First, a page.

In Search of a Bigger Boat (One Week of Editing Done)


I’m a week into the edit of AI.

It’s odd.

I really don’t know how else to characterize the experience.  It’s just odd.  Odd that I have written this relatively speaking huge-asgard novel which I’m now poring through in order to catch all the mistakes and make it less, uh, sharknado-ey.  Odd that I’m breaking it apart bit by bit with the literary equivalent of a rock hammer to examine all the weird crusty bits.  Odd that it’s been long enough since I wrote it, and the project was big enough, and I let enough time pass that I don’t even recall writing some of what I definitely wrote.  I mean, there were no pen-wielding hobos in my employ.  I didn’t black out during any of the writing (that I’m aware of).  It’s all me, and it sounds like me, even if I don’t recognize it as such.

I’m an English teacher by trade, though, and I can’t shake the simple and obvious comparison that editing this monster is a bit like grading a sharknado-ey sophomore English paper.  Mind you, my grammar and syntax are a touch better than the average 15-year-old’s, but the process is the same.  “Oh, I see what you were after here, but you worded it awkwardly and it feels like pins and needles in my skull when I read this.”  Out comes the red pen.  “Stop showing off your gargantuan vocabulary, you’ll alienate the reader.”  Big “x” through the offending word.  “What the f*$&@ were you thinking?”  Entire paragraph circled and slated for demolition.  Or the ever-enigmatic, simple and yet baffling “no” marked next to a passage that was deemed, for some reason or another, offensive to the eye or mind.

And let’s not sugarcoat things here, there is a LOT of red ink on this draft.

I thought it was pretty good when I wrote it.  To be fair, I still think most of it is pretty good, but I see an almost endless array of ways for it to be better.  Clunky language here.  Overused modifiers there.  Odd out-of-body-experience repetition in this particular area.  Missing elements.  Unnecessary descriptions.  Vagueness.  Overspecificity.  If there’s a writing sin for it, I’ve committed that sin, probably on the Sabbath and while facing away from Mecca.  I may have mixed metaphors as well.  But, on the whole, I’ve not had to make any major changes to the draft or to the copy.  The biggest changes I’ve made so far are the removal of one entire paragraph describing a character — I thought it was better to let the character’s actions speak for her — and the addition of a paragraph bridging the mental gap I made between a character understanding a problem and moving toward a solution.  It was too easy, and upon re-reading it, I realized that in the best of cases it simply didn’t make sense, and in the worst of cases not only did it not make sense, but it was also insulting and cliche in its avoidance of sense.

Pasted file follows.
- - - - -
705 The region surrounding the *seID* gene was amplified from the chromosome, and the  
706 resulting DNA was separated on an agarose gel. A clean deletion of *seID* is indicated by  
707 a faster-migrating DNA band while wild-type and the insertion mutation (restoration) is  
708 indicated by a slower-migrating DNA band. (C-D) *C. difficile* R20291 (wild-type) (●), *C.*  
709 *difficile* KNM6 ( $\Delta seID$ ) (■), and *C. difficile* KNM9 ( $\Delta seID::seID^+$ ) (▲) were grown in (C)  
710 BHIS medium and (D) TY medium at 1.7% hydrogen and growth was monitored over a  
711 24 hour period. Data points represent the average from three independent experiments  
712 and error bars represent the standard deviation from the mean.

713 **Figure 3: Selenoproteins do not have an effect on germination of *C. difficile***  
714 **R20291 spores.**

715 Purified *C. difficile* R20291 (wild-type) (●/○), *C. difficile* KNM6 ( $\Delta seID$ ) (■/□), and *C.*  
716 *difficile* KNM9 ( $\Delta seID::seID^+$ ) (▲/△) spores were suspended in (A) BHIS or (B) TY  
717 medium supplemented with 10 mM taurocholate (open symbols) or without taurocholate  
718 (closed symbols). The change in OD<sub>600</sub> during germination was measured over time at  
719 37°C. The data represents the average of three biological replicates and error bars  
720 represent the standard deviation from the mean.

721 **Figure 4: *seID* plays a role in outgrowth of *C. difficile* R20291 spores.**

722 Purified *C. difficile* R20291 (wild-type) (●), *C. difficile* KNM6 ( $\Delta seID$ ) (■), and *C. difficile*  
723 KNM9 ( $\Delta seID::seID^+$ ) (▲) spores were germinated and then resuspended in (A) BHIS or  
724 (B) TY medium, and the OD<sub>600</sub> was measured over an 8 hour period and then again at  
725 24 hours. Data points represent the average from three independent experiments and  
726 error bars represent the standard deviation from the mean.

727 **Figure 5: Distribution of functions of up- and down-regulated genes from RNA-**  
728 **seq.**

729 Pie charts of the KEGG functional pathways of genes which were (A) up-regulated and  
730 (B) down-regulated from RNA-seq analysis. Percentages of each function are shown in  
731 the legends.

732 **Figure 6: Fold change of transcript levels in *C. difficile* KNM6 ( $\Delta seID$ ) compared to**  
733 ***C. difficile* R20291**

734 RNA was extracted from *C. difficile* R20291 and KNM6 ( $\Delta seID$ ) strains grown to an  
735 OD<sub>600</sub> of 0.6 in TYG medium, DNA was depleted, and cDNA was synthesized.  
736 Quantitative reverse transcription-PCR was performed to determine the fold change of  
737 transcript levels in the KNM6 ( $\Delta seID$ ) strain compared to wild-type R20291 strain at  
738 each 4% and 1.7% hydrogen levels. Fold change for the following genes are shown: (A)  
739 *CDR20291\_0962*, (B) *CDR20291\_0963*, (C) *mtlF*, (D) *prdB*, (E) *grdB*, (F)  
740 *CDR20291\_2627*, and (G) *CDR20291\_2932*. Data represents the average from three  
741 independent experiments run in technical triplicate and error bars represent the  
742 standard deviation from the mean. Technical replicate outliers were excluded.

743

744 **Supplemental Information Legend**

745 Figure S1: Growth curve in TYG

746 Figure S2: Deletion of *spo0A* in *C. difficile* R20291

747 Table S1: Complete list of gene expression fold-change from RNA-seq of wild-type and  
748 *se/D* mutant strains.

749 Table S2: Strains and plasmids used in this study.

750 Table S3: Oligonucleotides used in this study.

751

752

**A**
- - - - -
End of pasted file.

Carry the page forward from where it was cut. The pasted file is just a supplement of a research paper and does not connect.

But the little things are the little things.  I know that the Big Problems are out there in the deep water, cruising the depths and waiting for me to circle back.  These monsters I created in the draft are hungry, and their teeth are fearsome and seeking.  I’m skipping around the shallows right now in a waverunner, but to deal with those leviathans, I’m going to need a bigger boat.

I’m new to this game, but it seems to me like the editing process is highly subjective and personal.  Before I jumped in, I was terrified that there might be a right way and a wrong way to do it, that I’d screw up the pudding and cause the whole souffle to fall if I didn’t tackle things in the proper order and with the proper technique.  But the water is always shocking when you first jump in.  I’m starting to feel comfortable, to establish a routine, and to feel as if I have a decent gameplan in mind for slaying this dragon.

For reference (yours if you’re thinking about embarking on a journey like mine, mine if it changes later and I disavow everything I’ve written to date), here’s how I’m tackling it.

  • I read my draft in MS Word with Track Changes enabled.
  • I keep a notepad open in front of me while I read.
  • I parse about five pages — or 3000 words — per day.
  • Major plot points and character developments get noted in the notepad.
  • Problems with the copy are either addressed immediately (I clean up vagueness or messy language) or highlighted for the second pass.